People who care for their elderly parents outside of their full-time jobs — and are unpaid for their help — experience considerable disruption of their workplace routines. Many are not getting employer support because it is not offered or because they do not feel able to use it, even if it is available, according to a Baylor University researcher.
“A big and overwhelming consequence of America’s aging population is that so-called sandwiched caregivers, typically middle-aged, are caring for ailing parents while trying to work full-time and raise their own children,” said lead author Matthew A. Andersson, Ph.D., assistant professor of sociology in Baylor University’s College of Arts & Sciences. “It’s no wonder we see such high rates of work interruption among caregivers.
“But what’s particularly troubling — and what’s new in this study — is that employees who are experiencing work interruption are much more likely to say they have unmet need for workplace support than those who manage to keep working at the same pace,” he said. “This tells us that employers may not be stepping up to connect informal caregivers with workplace supports they need. That makes informal caregiving an even tougher role.”
About three fourths of informal (unpaid) caregivers have at least a mild interference, such as working partial rather than full days, and about one quarter express an unmet need for workplace support, Andersson said.
“That means they need help from one of six potentially useful workplace programs we looked into — such as eldercare referral or financial counseling. Yet they’re still not getting that help, even if their employer provides access to it.”
The study — “Strapped for Time or Stressed Out? Predictors of Work Interruption and Unmet Need for Workplace Support Among Informal Elder Caregivers” — is published in the Journal of Aging and Health.
About one in four employed U.S. adults provides informal care for a parent, in-law or other family member older than 65, according to the United States Census Bureau. This number is projected to grow as the population continues to age and as many continue to live into their 80s or beyond.
Researchers from Baylor, Louisiana State University and the University of Iowa analyzed data from 642 individuals at a large public university who were informal caregivers for anyone 65 or older, often parents, spouses or friends.
Unmet needs for caregiving support are about twice as common among employees whose work is interrupted, suggesting a strong link between unmet needs and lapsed work performance, researchers said. Those interruptions ranged from mild ones, such as adjusting work hours, to more severe ones, such as moving from a full- to a part-time job position to taking a leave of absence or even early retirement.
While the study focused on the association between unmet needs for workplace support and work disruption among informal elder caregivers, researchers also examined how much unmet needs and work interruptions are linked to such factors as caregivers’ personal or job characteristics; their physical and psychological well-being; and the caregiving particular situations, including time weekly, necessary travel, number of individuals assisted and their health conditions — among them physical limitations, independence issues, chronic conditions and mental illness or cognitive impairment.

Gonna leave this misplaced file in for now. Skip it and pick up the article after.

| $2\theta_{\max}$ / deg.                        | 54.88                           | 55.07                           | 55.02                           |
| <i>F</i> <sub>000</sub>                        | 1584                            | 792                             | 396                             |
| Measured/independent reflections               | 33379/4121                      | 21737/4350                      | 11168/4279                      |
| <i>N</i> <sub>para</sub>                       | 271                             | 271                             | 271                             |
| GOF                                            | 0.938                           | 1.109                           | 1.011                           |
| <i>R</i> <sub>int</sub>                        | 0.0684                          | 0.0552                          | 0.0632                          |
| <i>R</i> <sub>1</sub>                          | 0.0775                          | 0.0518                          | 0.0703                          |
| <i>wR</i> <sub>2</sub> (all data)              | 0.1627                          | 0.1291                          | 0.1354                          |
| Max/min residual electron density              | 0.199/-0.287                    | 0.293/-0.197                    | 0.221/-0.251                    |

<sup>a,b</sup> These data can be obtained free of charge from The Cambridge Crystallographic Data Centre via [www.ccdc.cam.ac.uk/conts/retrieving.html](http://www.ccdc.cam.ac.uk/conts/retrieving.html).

Among their findings:
- Nearly three-fourths of the informal caregivers experience mild or severe work interruption.
- More than half of those who serve as caregivers 10 or more hours weekly reported severe interruption of work.
- More than 40 percent of caregivers reported being involved in caregiving 10 or more hours weekly; most care-providing (60 percent) took place within the household or less than 30 minutes away.
- While caring for one family member was most common (68 percent), a sizeable number oversaw two or three.
- Most (70 percent) assisted individuals with chronic health conditions; 80 percent cared for people with physical limitations.
- Caregivers with several work interruptions were especially likely to care for those with mental illness or cognitive impairment.
“We know that informal caregiving is becoming more common and more complicated due to the multiple health conditions of care recipients and the all-too-familiar work-family conflict,” Andersson said.
“First, we need to do more research not just on individual caregivers but on caregiving networks,” he said. “Because informal caregiving can be so difficult and time-consuming, it’s usually too much to ask of one person. It’s not uncommon for multiple family members to get involved.
“Second, we need to get employers more involved in the reality of this pressing situation. This study examined the unmet needs of caregivers in a large workplace where these supports are, in theory, available to everyone. Yet, caregivers weren’t taking advantage — even when they thought they should be.”
To combat that, “supervisors should see their power for what it is: they shape culture more than they realize,” Andersson said. “Work teams should be structured so that absences can be taken in stride when family duties are pressing. This places a burden on supervisors to model how long-term success involves, first and foremost, taking care of yourself and your family.”
Employee training should involve clarity and communication about available supports and how to use them.
“Using them should not be a source of guilt,” Andersson said. “And it definitely does not mean an employee is not valuable or productive.”
Previous research has found that workers who care for the elderly have more stress, decreased health, more work-family conflict, greater financial burdens, strained relations with co-workers and diminished self-esteem. Additional duties may lead to lost productivity as well as missed training opportunities or diminished job skills. All those issues are concerns for employers wanting to retain and invest in employees.